Outback, Truck driver, Truckie Profiles

Road train driver makes childhood dream come true

Growing up in Queensland’s Lockyer Valley and watching the countless road trains go past was enough to inspire Chris Pearson, 30, to follow the same path.

“The Lockyer Valley is predominantly a farming community, so as a kid, I’d spend my summers on farms picking vegetables and what not – back then you’d see Refrigerated Roadways, Nolan’s and Lindsay Brothers come in and load. Some of the drivers would see me looking and ask if I wanted to take a look in the truck,” Pearson recalled. “Mum would always yell at me to get out of their trucks because they had to go!

“My brother James is also a truck driver for the same reason. As kids, we saw trucks here, there and everywhere, and we grew up idolising the guys that ran to Darwin with three trailers on the back.”

Stopped at the Threeways Roadhouse on the Stuart Highway in the T909.

And these days, Pearson is doing exactly that, travelling the 3600-kilometre express run from Brisbane to Darwin, driving two-up for Shaw’s Darwin Transport – where he’s been for the past few months.

But it was back in 2015 that his foray into trucking began. “I worked at a meatworks for two and half years but had enough of that – so that’s when I went for my truck licence,” he said.

Trying to get his foot in the door, he began working for Brisbane Isuzu. “I started as a yard person, taking cab chassis and new trucks to body builders so they could be fitted out. It wasn’t a real truck driving job but I figured you never start at the top, so I knew I had to start somewhere.”

He moved onto Nolan’s Interstate Transport in 2016, where he stayed for about two years, working as a local driver – and it was here that he secured his MC licence.

It was during his time at Baskett Transport that Pearson started on the road trains.

That was followed by time spent working at Bulk Granite Haulage, where he honed in on his tipping skills, and then Baskett Transport in 2017.

“I had a friend working at Baskett Transport and he asked if I wanted to come and learn to drive road trains, so I drove for him for about six months, learning all the basics about road trains like maintenance, servicing, washing and what-not. The work here was from Brisbane to Darwin as well as remote parts of the Northern Territory and Queensland. There were flat tops, tautliners, gates, ropes, tarps, straps – it was a really good experience,” explained Pearson.

But it was his next role that had the biggest impact, working for transport legend Phil Hannant, who served as a mentor.

Hannant was also this year inducted into the Shell Rimula Wall of Fame.

“I started with Phil in 2018 and worked for him for about four and a half years – it would have been longer but he decided not to continue his business so he could retire,” said Pearson.

“He had a nice 4800 Western Star and then when I started with him, he told me he had ordered a new T610 which would be there in a few months, so I had that from brand new. It was tow contracting for Nolan’s – road trains, B-doubles and B-triples. I did 1.26 million kilometres in the time I worked with him.”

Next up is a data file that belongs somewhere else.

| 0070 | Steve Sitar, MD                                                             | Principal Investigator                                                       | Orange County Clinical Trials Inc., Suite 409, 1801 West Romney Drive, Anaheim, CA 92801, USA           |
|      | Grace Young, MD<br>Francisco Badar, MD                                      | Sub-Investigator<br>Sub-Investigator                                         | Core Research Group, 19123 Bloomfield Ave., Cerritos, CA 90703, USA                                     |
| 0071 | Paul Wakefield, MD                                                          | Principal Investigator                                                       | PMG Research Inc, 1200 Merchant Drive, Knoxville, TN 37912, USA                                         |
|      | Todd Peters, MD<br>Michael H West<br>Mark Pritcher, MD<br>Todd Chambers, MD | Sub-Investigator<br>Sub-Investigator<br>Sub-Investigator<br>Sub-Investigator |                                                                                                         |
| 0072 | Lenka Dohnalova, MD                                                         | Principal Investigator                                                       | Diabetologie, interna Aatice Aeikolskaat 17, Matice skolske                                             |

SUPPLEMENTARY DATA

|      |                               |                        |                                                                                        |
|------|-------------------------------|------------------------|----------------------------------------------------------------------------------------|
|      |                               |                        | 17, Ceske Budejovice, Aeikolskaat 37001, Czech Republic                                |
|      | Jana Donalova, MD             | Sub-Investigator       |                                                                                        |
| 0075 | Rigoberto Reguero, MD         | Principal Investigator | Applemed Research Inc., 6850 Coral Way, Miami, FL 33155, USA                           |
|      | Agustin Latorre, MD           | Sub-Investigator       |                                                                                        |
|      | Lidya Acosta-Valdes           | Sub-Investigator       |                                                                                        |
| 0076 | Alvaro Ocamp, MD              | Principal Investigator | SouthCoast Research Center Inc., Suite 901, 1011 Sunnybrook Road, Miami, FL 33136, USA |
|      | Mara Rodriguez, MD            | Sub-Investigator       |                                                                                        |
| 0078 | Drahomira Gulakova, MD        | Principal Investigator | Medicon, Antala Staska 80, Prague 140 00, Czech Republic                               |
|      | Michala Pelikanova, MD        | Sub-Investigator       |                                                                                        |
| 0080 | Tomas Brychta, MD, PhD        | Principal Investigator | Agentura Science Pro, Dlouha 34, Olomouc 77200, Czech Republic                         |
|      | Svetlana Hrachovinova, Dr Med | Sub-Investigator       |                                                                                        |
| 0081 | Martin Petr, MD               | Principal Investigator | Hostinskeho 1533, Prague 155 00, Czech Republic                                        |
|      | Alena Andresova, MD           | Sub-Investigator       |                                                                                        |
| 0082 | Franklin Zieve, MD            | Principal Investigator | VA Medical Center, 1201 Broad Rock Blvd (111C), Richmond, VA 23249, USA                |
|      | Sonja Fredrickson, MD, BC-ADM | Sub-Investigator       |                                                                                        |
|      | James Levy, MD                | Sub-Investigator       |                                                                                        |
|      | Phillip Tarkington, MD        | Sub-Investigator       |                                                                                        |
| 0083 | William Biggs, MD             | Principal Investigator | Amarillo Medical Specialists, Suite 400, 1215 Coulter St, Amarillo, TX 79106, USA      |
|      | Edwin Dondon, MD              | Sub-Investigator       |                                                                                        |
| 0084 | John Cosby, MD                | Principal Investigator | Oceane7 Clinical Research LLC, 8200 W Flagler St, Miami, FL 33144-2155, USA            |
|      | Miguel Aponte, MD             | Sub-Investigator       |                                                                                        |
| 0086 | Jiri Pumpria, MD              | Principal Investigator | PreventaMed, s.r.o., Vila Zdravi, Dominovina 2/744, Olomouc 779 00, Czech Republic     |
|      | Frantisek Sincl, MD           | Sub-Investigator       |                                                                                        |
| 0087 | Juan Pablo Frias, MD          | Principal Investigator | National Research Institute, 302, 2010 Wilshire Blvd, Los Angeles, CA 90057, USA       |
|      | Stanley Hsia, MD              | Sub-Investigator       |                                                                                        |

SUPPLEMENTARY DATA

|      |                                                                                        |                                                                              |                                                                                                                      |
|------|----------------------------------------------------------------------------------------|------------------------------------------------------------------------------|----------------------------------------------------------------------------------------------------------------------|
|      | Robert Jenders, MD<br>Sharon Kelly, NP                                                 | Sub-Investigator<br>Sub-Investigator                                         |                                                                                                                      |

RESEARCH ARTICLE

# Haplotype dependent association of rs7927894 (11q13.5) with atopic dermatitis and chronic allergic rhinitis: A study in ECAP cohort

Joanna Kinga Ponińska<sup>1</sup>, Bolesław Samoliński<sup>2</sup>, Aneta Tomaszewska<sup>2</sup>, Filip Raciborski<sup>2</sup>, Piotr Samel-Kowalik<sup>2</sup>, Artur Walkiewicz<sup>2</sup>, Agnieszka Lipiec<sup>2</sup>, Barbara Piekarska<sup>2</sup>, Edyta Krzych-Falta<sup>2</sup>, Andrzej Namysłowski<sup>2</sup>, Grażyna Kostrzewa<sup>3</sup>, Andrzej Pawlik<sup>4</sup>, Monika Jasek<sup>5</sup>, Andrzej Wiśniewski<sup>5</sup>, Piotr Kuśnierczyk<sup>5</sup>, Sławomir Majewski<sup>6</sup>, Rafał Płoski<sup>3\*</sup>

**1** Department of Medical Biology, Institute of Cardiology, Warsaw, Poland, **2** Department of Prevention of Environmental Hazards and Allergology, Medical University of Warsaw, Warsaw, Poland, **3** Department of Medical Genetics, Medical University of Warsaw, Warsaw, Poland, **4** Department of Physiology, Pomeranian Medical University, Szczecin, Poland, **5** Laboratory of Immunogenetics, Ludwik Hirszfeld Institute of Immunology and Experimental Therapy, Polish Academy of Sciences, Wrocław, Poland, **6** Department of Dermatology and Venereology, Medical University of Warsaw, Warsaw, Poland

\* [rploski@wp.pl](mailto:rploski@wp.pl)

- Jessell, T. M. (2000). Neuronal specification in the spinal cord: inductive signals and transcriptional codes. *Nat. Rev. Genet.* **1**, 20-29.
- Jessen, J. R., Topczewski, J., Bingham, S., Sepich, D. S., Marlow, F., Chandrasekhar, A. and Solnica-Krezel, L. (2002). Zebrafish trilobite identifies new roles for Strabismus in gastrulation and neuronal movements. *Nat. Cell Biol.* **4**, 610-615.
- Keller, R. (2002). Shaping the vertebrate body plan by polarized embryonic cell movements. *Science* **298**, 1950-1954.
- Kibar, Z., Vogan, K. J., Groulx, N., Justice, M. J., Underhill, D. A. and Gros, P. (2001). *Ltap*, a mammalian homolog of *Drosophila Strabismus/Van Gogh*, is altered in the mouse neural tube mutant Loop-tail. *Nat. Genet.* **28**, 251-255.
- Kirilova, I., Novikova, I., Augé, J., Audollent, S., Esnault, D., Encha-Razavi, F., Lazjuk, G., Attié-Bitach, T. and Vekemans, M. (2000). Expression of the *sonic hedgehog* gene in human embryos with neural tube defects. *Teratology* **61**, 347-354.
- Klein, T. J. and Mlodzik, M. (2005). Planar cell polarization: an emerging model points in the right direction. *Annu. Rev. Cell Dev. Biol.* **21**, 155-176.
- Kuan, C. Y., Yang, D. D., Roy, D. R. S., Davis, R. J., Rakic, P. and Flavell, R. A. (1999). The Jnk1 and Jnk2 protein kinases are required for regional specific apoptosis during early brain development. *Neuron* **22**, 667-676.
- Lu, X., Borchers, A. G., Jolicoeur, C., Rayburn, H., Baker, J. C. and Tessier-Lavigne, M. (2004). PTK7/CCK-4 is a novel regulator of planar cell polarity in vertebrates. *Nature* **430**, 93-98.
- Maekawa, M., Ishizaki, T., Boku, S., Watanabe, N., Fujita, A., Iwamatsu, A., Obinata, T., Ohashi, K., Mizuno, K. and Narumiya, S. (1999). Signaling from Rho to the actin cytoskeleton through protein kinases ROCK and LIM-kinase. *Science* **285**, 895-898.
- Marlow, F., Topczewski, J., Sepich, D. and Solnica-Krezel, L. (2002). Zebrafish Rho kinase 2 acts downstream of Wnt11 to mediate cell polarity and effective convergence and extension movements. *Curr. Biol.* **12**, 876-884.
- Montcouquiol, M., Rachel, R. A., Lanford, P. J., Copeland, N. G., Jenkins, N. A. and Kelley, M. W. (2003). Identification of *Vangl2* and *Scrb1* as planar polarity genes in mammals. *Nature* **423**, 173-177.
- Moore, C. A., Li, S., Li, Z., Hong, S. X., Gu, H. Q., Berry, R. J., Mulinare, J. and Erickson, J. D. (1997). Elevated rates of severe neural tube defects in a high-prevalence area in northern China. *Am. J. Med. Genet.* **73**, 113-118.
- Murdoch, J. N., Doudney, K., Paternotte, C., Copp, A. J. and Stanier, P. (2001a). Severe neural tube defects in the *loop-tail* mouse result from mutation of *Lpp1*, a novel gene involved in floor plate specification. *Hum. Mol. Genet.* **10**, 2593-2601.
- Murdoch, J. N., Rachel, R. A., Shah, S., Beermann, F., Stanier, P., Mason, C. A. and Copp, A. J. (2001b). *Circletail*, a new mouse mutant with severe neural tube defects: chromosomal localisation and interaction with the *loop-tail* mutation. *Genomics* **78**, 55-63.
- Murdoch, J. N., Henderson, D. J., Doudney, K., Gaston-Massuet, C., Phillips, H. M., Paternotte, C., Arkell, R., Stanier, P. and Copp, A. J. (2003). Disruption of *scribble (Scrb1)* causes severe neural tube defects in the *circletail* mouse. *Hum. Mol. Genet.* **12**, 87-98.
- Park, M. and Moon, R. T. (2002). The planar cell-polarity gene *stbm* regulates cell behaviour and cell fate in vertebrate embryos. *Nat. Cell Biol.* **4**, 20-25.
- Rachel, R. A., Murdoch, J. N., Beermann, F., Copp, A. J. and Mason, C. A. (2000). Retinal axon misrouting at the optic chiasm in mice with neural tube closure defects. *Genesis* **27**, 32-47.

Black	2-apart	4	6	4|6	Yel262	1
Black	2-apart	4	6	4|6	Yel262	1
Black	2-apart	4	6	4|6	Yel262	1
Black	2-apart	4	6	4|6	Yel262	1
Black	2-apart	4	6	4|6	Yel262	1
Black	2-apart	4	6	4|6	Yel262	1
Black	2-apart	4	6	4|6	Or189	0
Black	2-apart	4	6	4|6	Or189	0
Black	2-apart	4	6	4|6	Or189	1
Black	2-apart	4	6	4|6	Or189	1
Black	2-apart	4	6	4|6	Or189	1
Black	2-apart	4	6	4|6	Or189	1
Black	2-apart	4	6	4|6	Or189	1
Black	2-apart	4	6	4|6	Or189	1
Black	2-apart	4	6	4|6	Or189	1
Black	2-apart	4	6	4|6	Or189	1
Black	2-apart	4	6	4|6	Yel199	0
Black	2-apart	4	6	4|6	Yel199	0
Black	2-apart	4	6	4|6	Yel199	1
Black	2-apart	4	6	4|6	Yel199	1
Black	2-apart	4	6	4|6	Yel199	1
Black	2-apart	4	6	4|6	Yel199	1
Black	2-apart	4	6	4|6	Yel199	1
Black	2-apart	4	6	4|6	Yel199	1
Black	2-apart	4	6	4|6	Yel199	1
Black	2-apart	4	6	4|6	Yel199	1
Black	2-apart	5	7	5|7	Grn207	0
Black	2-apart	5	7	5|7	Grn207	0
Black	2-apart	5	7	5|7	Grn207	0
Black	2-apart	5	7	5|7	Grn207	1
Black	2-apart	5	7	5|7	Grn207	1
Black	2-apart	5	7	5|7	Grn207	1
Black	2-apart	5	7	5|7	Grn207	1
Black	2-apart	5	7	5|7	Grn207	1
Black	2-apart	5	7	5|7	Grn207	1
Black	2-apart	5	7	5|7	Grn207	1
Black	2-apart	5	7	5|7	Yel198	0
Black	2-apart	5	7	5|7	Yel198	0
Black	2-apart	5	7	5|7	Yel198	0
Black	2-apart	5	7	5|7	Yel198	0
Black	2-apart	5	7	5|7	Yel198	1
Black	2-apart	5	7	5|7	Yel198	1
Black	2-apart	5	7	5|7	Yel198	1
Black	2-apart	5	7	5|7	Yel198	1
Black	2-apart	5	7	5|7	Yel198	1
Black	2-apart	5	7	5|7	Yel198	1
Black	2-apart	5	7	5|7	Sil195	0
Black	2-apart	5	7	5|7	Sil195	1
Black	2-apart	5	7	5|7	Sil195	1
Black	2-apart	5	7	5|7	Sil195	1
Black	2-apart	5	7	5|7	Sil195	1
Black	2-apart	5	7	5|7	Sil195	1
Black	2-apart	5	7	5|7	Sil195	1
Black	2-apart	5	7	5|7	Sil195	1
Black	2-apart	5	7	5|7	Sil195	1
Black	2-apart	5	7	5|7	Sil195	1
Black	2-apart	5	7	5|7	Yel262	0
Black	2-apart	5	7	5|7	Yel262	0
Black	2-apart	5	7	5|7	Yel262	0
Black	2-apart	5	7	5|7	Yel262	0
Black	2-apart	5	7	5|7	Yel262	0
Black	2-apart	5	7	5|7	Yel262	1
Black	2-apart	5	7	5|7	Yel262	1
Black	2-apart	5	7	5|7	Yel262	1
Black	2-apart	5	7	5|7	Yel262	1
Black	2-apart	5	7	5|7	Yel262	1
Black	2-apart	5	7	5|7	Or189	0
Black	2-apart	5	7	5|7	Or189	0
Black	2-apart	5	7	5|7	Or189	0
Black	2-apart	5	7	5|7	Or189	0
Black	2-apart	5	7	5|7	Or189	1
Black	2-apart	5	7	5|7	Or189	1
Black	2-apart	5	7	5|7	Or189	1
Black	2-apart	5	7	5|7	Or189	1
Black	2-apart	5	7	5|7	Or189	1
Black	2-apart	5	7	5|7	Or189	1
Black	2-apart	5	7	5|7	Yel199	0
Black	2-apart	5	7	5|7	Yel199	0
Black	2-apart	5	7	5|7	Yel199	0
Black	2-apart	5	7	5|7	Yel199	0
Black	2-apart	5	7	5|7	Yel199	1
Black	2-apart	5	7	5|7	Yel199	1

The T610 he drove for transport legend Phil Hannant, who served as a mentor.

The son of transport operators, Hannant took over the family business, Hannant’s Transport, in 1981. Then in 2005, he began working as transport operations manager for two different companies, before working for Nolan’s Interstate Transport, where he was until his retirement – if you can call it that, as Hannant still hits the road almost daily.

“I have a lot of time for my previous employer Phil. I worked hard but although I worked hard, he looked after me. Working for that type of one truck company, when you present yourself to be an asset like the truck itself, they look after you like family. He wants to do a trip up with me to Darwin, so that would be great to do with him.”

Pearson’s next role was with Rushway Transport, before securing his current job with Shaw’s.

It turned out that Shaw’s had a long-serving two-up team retiring – husband and wife duo Garry and Liza van der Heide, who were known as the ‘A-Team’ and had been with the company for about 15 years. 

“I’ve started doing two-up but eventually want to go into a solo role. When I started, we had the A-team’s old truck – a five-year-old T909 – but in early November were given the keys to a brand new T909,” said Pearson.

He and his co-driver transport general, chilled and frozen goods to Darwin; with seafood, mangoes, melons and general usually carried on the return leg.

Pearson likes to keep the truck looking immaculate.

The team usually sets off on a Monday evening and returns home by Saturday morning, if all goes well. 

Pearson takes a great deal of pride in his rig and washes it every week in Darwin. “I make sure it’s all cleaned up and shiny. A quick job of washing the truck takes me over two hours, but a proper wash takes me four or five hours,” he revealed.

Though the trip is all on sealed roads, he says some of the highways are in a pretty sorry state. “The Gore Highway is absolutely trashed, as it has been for a long time. And the Peak Downs Highway, once you get past Moranbah, it gets quite bad.”

At only 30, Pearson still has plenty of years on the road ahead of him. “And I can most definitely see myself doing road train work for a long time,” he said.

Pearson has three kids: Sophie, Zac and Lucy.

He is also a father of three: eight-year-old Sophie, six-year-old Lucy and four-year-old Zac. “In the past, with previous companies, I could take the truck home and they loved playing in the cab and tooting the horn. Every now and then I’d take my eldest with me at Rushways too. It’s unfortunate that it doesn’t happen very much anymore, because this is something I’d love to share with them.”

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